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This is an exclusive song premiere, part of The ARTery's effort to highlight New England musicians.
“Blanket On The Moon,” by Chadwick Stokes & The Pintos, begins with the sounds of science fiction, a symphony of whimsical electronic bleeps and whirs. Then, the roar of a rocket, followed by Stokes’ voice, close and intimate, while a banjo plunks gently in the background. He begins to spin a story: about a child, and the moon, and a mother who wants desperately to give her child something more. “A better life awaits you,” she sings, before departing.
Stokes wrote the song about the wrenching choice many parents make to send their children unaccompanied across the southern border in search of opportunity or to escape danger at home. “They’re putting them next to a railroad track or in the hands of smugglers,” Stokes says on the phone, “just hoping that they make it to the other side, and are accepted.” There’s a mythical quality to “Blanket On The Moon,” which unfolds in outer space. The setting lends the story vastness and mystery, while the details are familiar and heart-wrenching. There’s the rocket ship, and then there’s the blanket, the last relic of a life left behind.
“Blanket On The Moon” is the third single off of Stokes’ new album, “Chadwick Stokes & The Pintos,” which comes out Nov. 15. It's not, strictly speaking, a solo album — the songs are Stokes’, but the Pintos are a band. They worked the arrangements out live, on the road, and recorded the album in a studio in Brighton. “A beautiful little room in an old barn,” Stokes says, “that is surely going to be knocked down by the board of health any second.”
Stokes is best known as a founding member of Dispatch, the popular late ‘90s conscious rock group. They formed in college at Middlebury in Vermont, then relocated to Boston afterward. Since the band went on hiatus in 2004, Stokes has immersed himself in numerous projects, including the politically-minded rock group State Radio, two solo studio albums and a number of social justice causes. Like his previous work, “Chadwick Stokes & the Pintos” concerns itself with the politics of the day. The first two singles look for contemporary resonances in historical figures and events: “Chaska,” about the mass execution in 1862 of 38 Dakota men, highlights the injustice and brutality of state-sanctioned violence, and “Joan of Arc” finds common cause between the historical figure and modern women.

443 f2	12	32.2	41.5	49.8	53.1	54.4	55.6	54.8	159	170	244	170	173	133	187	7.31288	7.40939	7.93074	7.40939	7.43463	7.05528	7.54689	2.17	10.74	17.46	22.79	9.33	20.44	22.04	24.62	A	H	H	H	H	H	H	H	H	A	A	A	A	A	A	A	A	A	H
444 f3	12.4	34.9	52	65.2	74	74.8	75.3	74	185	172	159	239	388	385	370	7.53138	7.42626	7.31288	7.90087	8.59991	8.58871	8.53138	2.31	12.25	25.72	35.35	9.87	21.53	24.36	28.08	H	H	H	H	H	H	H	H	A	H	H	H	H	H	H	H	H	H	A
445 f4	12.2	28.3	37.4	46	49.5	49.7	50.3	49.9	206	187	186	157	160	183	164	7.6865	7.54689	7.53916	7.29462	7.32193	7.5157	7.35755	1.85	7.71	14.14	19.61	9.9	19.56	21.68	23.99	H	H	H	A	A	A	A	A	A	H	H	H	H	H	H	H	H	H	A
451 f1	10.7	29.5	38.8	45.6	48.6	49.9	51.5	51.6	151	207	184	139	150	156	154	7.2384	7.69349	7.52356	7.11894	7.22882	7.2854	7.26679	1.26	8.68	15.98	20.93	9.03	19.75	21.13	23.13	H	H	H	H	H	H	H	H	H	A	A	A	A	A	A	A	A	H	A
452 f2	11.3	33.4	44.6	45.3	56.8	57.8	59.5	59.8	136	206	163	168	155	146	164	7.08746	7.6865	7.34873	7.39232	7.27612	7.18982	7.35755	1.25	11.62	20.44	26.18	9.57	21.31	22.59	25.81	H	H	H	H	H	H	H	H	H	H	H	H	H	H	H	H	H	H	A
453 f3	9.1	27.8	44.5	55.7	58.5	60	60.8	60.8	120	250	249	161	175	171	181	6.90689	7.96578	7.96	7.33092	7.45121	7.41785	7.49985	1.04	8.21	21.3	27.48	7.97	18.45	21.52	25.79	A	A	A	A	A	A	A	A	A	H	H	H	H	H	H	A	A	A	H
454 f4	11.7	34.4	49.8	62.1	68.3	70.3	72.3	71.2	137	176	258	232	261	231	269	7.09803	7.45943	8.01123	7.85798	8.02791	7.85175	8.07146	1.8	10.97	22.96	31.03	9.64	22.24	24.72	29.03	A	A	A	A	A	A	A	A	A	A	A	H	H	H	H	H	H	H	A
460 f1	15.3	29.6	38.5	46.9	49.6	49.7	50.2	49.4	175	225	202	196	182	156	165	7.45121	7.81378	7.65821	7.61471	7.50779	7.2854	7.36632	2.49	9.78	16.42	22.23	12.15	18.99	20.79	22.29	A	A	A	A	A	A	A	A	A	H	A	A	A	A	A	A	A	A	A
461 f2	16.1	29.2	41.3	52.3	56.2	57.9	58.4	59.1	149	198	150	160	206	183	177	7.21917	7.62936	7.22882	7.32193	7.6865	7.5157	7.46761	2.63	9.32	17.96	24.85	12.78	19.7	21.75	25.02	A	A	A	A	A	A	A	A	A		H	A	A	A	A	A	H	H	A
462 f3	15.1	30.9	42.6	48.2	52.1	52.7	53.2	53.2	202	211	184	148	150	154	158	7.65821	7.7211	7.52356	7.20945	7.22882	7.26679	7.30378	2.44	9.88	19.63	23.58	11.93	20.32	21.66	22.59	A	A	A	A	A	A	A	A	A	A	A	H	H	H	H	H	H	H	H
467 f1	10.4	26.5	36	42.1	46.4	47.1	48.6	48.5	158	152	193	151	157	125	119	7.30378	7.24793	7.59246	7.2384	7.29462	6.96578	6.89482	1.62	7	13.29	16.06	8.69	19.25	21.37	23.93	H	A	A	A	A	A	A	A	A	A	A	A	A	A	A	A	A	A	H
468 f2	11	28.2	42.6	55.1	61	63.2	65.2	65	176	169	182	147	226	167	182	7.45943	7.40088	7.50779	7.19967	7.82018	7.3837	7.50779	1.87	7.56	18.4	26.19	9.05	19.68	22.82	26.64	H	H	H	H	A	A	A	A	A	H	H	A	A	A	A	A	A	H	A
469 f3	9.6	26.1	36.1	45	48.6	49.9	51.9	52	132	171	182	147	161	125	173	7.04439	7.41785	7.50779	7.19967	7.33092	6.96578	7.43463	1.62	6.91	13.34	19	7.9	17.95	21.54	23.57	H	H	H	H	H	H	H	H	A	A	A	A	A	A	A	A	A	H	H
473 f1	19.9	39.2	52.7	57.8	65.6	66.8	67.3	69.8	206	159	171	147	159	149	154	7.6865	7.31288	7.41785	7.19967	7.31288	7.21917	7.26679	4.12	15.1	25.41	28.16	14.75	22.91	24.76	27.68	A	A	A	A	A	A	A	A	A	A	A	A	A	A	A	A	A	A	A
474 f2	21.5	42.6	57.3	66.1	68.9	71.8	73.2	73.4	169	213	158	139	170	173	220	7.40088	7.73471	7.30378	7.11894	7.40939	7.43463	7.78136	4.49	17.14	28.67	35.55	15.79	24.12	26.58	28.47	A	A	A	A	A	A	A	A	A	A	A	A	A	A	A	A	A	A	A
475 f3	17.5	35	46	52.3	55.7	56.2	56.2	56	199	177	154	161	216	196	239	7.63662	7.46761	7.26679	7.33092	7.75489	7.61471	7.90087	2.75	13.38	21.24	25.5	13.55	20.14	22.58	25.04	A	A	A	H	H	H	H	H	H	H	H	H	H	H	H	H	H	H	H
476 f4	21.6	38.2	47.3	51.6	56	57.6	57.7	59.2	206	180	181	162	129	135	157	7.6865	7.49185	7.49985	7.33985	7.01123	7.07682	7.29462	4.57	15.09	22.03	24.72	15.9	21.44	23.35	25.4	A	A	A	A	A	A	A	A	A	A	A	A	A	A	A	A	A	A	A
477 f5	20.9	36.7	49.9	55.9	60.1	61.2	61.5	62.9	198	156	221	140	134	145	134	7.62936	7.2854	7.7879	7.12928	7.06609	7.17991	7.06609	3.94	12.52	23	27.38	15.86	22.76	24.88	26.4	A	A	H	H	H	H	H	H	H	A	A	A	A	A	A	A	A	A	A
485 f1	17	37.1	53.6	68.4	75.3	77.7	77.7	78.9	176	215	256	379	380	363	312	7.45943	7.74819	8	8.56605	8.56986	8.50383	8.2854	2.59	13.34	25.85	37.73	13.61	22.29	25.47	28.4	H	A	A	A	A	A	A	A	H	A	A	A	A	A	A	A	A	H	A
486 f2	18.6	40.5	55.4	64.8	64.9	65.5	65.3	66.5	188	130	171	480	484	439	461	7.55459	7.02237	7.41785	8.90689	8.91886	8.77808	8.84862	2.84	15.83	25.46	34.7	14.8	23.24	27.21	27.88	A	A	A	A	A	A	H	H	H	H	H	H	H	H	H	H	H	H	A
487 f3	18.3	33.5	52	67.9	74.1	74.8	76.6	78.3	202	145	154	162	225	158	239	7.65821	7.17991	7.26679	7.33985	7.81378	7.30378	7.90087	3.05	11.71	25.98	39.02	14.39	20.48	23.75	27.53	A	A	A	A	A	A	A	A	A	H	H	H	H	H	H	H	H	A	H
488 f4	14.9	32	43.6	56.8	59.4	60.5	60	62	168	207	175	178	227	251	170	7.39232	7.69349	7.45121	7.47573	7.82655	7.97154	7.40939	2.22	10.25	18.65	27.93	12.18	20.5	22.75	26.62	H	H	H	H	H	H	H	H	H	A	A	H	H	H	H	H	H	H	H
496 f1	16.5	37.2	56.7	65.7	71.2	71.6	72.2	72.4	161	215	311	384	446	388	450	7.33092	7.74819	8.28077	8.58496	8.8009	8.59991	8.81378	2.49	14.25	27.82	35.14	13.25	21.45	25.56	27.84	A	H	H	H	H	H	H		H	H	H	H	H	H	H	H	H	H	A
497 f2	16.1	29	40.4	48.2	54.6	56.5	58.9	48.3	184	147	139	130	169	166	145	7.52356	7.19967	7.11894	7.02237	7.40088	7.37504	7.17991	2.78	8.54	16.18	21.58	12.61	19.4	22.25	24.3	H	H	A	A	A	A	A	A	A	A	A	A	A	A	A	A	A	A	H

“I’ve always loved the smaller stories … that give that political message, without necessarily shouting that exact political message,” Stokes says. “Which can be a little too on-the-head sometimes.”
Stokes began writing “Blanket On The Moon” on the piano. “As it started developing, it had some David Bowie starlight twinkling in the background,” he says. The song’s epic sweep is, indeed, reminiscent of Bowie, or “Wish You Were Here”-era Pink Floyd, ramping up to an explosive climax before retreating. It ends the way it begins — on a melancholic note, tinged with hope. “A better life awaits you soon.”
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